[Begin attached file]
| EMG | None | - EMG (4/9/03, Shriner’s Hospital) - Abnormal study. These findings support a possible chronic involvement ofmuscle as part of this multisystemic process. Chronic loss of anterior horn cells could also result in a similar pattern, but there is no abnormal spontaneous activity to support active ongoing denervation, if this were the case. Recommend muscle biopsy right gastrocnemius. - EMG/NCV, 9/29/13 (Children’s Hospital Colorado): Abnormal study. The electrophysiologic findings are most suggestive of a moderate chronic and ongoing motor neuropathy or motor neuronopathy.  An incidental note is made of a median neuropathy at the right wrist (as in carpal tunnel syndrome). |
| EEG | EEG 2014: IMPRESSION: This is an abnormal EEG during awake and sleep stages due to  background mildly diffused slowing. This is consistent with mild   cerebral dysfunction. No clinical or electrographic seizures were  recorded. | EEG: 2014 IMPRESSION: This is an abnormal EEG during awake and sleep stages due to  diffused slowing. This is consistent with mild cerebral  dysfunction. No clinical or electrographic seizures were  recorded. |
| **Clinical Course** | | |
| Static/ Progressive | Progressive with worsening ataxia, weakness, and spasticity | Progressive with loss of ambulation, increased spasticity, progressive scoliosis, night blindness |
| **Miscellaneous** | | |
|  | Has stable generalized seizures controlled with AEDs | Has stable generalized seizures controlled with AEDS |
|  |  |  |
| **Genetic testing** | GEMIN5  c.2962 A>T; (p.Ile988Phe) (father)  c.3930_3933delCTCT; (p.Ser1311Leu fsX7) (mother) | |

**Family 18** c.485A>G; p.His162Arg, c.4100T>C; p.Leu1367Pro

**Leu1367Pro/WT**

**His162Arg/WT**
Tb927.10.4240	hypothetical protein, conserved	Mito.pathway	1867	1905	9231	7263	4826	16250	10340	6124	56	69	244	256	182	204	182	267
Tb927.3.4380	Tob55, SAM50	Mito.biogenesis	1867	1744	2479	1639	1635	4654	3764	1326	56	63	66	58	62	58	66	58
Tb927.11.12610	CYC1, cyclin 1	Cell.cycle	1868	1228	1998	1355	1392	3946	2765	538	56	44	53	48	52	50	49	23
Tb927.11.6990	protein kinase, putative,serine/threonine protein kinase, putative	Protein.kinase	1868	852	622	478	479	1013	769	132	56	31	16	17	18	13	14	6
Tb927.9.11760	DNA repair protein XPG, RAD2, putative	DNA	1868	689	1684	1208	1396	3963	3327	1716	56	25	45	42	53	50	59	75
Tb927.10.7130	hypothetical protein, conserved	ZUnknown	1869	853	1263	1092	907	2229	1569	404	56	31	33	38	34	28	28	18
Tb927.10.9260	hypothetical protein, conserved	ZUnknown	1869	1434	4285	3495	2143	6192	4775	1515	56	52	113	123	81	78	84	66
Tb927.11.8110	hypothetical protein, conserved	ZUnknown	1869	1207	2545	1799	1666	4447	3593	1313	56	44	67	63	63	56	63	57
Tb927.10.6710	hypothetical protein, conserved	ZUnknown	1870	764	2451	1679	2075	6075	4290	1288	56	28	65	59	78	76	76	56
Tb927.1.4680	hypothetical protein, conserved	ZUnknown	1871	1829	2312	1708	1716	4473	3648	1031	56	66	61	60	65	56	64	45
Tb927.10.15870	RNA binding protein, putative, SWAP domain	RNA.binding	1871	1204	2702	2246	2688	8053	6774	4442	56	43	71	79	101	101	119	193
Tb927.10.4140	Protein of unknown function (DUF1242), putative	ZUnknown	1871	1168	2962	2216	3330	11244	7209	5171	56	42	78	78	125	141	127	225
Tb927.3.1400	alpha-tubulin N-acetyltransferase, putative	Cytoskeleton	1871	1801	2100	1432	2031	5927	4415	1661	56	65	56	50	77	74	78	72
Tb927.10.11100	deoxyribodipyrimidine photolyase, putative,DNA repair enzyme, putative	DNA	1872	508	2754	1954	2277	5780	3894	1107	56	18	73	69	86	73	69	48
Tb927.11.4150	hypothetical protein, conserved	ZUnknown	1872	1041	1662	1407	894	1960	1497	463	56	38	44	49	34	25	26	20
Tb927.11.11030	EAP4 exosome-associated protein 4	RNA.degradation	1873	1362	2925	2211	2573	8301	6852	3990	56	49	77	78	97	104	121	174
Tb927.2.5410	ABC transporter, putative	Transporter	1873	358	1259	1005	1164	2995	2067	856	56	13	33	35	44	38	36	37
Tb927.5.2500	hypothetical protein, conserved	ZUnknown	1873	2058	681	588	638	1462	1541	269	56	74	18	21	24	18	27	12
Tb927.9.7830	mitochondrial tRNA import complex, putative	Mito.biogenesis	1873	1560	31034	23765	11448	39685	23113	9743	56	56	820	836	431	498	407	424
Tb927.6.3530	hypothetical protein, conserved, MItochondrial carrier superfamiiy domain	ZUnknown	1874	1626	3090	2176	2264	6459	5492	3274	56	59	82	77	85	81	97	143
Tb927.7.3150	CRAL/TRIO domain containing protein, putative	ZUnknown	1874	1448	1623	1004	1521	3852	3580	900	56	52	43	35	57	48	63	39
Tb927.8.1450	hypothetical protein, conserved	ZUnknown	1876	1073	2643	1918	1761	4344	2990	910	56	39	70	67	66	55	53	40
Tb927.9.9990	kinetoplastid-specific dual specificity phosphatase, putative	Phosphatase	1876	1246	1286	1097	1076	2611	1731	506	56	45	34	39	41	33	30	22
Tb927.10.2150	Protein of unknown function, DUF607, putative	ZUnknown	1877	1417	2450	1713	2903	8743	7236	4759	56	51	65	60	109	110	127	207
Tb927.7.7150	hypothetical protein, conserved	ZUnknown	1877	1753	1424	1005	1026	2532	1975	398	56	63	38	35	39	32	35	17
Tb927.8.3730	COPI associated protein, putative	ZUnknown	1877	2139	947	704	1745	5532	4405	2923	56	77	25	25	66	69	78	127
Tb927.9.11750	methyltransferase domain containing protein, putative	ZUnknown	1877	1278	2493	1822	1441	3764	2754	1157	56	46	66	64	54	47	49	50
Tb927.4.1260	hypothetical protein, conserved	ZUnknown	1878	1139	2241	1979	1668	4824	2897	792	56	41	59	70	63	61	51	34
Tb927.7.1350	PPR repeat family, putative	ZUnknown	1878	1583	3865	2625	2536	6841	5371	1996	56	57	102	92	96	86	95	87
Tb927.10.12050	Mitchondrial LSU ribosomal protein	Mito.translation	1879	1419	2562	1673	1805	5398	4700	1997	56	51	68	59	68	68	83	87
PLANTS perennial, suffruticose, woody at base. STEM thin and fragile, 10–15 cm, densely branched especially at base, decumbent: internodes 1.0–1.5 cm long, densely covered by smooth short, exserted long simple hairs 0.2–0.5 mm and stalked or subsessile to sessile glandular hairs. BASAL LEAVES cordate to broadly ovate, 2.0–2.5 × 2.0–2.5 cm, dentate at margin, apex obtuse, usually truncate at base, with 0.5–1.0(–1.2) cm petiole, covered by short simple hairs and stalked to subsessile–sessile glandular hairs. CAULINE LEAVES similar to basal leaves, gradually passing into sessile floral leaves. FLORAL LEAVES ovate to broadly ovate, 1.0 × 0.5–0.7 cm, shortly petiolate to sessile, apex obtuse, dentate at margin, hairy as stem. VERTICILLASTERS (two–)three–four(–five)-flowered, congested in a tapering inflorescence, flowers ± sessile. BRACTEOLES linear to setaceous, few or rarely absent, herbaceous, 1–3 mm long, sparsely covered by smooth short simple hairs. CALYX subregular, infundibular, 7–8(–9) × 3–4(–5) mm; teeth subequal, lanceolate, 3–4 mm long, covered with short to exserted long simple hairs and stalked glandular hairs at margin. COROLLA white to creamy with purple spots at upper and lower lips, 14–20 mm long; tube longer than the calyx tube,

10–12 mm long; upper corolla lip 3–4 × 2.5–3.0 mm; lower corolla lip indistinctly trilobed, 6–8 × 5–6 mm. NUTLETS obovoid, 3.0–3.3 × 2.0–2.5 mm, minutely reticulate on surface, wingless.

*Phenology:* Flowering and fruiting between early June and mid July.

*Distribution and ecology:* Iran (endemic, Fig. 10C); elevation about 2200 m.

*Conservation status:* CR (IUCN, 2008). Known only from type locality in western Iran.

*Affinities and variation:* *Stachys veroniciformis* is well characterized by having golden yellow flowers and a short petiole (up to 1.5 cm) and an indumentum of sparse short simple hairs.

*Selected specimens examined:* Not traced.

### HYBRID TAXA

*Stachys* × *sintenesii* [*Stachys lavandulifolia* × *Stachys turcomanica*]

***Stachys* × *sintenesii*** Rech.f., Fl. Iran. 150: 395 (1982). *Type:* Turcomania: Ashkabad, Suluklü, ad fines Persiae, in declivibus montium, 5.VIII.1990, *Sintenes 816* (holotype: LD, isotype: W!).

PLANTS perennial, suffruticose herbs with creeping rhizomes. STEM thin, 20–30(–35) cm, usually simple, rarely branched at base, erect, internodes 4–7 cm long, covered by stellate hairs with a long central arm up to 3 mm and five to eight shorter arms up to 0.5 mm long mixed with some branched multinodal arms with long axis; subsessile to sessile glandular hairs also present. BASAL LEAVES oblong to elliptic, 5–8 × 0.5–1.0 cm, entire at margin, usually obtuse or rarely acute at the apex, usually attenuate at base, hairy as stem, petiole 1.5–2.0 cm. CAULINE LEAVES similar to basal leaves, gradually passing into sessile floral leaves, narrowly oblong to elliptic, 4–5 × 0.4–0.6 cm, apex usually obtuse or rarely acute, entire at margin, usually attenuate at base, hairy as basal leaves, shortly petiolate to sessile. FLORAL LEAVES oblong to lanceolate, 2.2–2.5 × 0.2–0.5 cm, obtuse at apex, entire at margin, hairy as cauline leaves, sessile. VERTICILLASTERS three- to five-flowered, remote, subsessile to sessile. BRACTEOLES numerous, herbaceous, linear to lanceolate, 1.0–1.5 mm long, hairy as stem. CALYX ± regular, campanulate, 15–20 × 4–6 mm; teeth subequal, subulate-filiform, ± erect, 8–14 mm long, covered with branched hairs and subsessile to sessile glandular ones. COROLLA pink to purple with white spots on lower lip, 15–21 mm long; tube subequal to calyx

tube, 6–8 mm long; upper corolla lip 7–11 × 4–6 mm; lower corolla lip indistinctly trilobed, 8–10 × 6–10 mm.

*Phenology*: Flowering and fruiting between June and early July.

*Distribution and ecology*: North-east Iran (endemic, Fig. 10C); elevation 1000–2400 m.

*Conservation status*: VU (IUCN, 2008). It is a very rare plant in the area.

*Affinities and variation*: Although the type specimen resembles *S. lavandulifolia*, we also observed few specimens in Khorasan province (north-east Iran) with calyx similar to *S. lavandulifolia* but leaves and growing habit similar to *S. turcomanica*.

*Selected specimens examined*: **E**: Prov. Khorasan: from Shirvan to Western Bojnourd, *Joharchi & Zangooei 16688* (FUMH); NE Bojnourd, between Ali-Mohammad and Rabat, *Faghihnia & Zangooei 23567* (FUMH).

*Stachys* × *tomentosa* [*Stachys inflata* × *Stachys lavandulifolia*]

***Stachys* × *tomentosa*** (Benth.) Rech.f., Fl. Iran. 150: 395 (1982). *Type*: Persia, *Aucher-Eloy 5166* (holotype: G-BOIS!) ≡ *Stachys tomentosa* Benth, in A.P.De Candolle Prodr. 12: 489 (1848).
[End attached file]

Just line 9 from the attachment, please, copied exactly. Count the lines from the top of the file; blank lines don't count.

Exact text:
**Family 18** c.485A>G; p.His162Arg, c.4100T>C; p.Leu1367Pro